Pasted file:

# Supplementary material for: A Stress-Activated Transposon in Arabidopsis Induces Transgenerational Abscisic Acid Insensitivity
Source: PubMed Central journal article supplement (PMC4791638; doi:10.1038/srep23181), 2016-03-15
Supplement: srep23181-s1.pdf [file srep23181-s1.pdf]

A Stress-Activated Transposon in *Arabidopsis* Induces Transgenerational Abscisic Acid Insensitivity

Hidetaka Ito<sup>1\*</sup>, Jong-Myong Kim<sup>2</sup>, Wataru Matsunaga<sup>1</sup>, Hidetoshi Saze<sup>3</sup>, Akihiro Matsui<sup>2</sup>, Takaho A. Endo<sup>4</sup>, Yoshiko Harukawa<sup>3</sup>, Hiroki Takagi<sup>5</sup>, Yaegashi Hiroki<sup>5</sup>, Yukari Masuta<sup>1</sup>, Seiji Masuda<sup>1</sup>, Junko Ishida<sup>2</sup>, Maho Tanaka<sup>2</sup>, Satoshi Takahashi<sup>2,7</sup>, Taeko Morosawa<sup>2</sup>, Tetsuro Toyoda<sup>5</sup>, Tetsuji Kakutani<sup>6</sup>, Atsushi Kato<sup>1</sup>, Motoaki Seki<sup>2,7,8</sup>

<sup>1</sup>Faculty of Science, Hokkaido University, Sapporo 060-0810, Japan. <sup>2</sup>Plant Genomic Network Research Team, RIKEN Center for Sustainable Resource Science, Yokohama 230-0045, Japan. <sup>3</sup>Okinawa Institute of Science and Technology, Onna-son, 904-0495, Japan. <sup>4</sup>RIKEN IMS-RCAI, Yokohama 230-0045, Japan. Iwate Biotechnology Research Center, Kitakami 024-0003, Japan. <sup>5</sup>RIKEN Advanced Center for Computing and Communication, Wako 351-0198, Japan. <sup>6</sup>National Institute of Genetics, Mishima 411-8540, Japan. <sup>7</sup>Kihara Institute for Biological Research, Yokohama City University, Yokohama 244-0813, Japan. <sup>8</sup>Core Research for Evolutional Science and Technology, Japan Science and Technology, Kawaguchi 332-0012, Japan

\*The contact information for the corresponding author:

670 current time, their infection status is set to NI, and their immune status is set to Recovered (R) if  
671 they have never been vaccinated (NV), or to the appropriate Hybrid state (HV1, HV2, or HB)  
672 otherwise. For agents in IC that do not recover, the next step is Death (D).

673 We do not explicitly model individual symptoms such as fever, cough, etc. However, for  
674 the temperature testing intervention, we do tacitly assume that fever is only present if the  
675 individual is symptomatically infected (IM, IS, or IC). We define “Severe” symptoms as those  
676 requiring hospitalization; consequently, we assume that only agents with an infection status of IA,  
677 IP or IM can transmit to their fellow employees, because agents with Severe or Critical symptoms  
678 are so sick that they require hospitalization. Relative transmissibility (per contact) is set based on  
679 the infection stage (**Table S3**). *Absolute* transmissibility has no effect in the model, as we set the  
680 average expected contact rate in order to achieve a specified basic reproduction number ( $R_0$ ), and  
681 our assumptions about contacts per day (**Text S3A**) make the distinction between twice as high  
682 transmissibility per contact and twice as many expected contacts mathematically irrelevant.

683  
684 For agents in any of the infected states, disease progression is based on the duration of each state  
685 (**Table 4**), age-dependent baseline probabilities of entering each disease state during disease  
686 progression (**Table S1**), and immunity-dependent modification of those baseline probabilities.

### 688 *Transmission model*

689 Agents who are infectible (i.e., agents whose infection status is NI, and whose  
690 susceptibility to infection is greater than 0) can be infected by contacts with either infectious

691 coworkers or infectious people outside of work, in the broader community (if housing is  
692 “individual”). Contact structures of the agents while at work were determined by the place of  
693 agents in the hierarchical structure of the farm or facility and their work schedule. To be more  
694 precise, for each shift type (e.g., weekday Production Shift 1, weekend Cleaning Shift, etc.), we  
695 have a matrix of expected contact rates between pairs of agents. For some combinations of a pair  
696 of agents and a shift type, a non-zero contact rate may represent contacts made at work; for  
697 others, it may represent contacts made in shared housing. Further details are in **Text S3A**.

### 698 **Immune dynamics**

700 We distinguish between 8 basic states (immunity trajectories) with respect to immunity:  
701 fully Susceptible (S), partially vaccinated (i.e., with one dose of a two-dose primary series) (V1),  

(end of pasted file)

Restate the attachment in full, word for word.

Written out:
# Supplementary material for: A Stress-Activated Transposon in Arabidopsis Induces Transgenerational Abscisic Acid Insensitivity
Source: PubMed Central journal article supplement (PMC4791638; doi:10.1038/srep23181), 2016-03-15
Supplement: srep23181-s1.pdf [file srep23181-s1.pdf]

A Stress-Activated Transposon in *Arabidopsis* Induces Transgenerational Abscisic Acid Insensitivity

Hidetaka Ito<sup>1\*</sup>, Jong-Myong Kim<sup>2</sup>, Wataru Matsunaga<sup>1</sup>, Hidetoshi Saze<sup>3</sup>, Akihiro Matsui<sup>2</sup>, Takaho A. Endo<sup>4</sup>, Yoshiko Harukawa<sup>3</sup>, Hiroki Takagi<sup>5</sup>, Yaegashi Hiroki<sup>5</sup>, Yukari Masuta<sup>1</sup>, Seiji Masuda<sup>1</sup>, Junko Ishida<sup>2</sup>, Maho Tanaka<sup>2</sup>, Satoshi Takahashi<sup>2,7</sup>, Taeko Morosawa<sup>2</sup>, Tetsuro Toyoda<sup>5</sup>, Tetsuji Kakutani<sup>6</sup>, Atsushi Kato<sup>1</sup>, Motoaki Seki<sup>2,7,8</sup>

<sup>1</sup>Faculty of Science, Hokkaido University, Sapporo 060-0810, Japan. <sup>2</sup>Plant Genomic Network Research Team, RIKEN Center for Sustainable Resource Science, Yokohama 230-0045, Japan. <sup>3</sup>Okinawa Institute of Science and Technology, Onna-son, 904-0495, Japan. <sup>4</sup>RIKEN IMS-RCAI, Yokohama 230-0045, Japan. Iwate Biotechnology Research Center, Kitakami 024-0003, Japan. <sup>5</sup>RIKEN Advanced Center for Computing and Communication, Wako 351-0198, Japan. <sup>6</sup>National Institute of Genetics, Mishima 411-8540, Japan. <sup>7</sup>Kihara Institute for Biological Research, Yokohama City University, Yokohama 244-0813, Japan. <sup>8</sup>Core Research for Evolutional Science and Technology, Japan Science and Technology, Kawaguchi 332-0012, Japan

\*The contact information for the corresponding author:

670 current time, their infection status is set to NI, and their immune status is set to Recovered (R) if  
671 they have never been vaccinated (NV), or to the appropriate Hybrid state (HV1, HV2, or HB)  
672 otherwise. For agents in IC that do not recover, the next step is Death (D).

673 We do not explicitly model individual symptoms such as fever, cough, etc. However, for  
674 the temperature testing intervention, we do tacitly assume that fever is only present if the  
675 individual is symptomatically infected (IM, IS, or IC). We define “Severe” symptoms as those  
676 requiring hospitalization; consequently, we assume that only agents with an infection status of IA,  
677 IP or IM can transmit to their fellow employees, because agents with Severe or Critical symptoms  
678 are so sick that they require hospitalization. Relative transmissibility (per contact) is set based on  
679 the infection stage (**Table S3**). *Absolute* transmissibility has no effect in the model, as we set the  
680 average expected contact rate in order to achieve a specified basic reproduction number ( $R_0$ ), and  
681 our assumptions about contacts per day (**Text S3A**) make the distinction between twice as high  
682 transmissibility per contact and twice as many expected contacts mathematically irrelevant.

683  
684 For agents in any of the infected states, disease progression is based on the duration of each state  
685 (**Table 4**), age-dependent baseline probabilities of entering each disease state during disease  
686 progression (**Table S1**), and immunity-dependent modification of those baseline probabilities.

### 688 *Transmission model*

689 Agents who are infectible (i.e., agents whose infection status is NI, and whose  
690 susceptibility to infection is greater than 0) can be infected by contacts with either infectious

691 coworkers or infectious people outside of work, in the broader community (if housing is  
692 “individual”). Contact structures of the agents while at work were determined by the place of  
693 agents in the hierarchical structure of the farm or facility and their work schedule. To be more  
694 precise, for each shift type (e.g., weekday Production Shift 1, weekend Cleaning Shift, etc.), we  
695 have a matrix of expected contact rates between pairs of agents. For some combinations of a pair  
696 of agents and a shift type, a non-zero contact rate may represent contacts made at work; for  
697 others, it may represent contacts made in shared housing. Further details are in **Text S3A**.

### 698 **Immune dynamics**

700 We distinguish between 8 basic states (immunity trajectories) with respect to immunity:  
701 fully Susceptible (S), partially vaccinated (i.e., with one dose of a two-dose primary series) (V1),  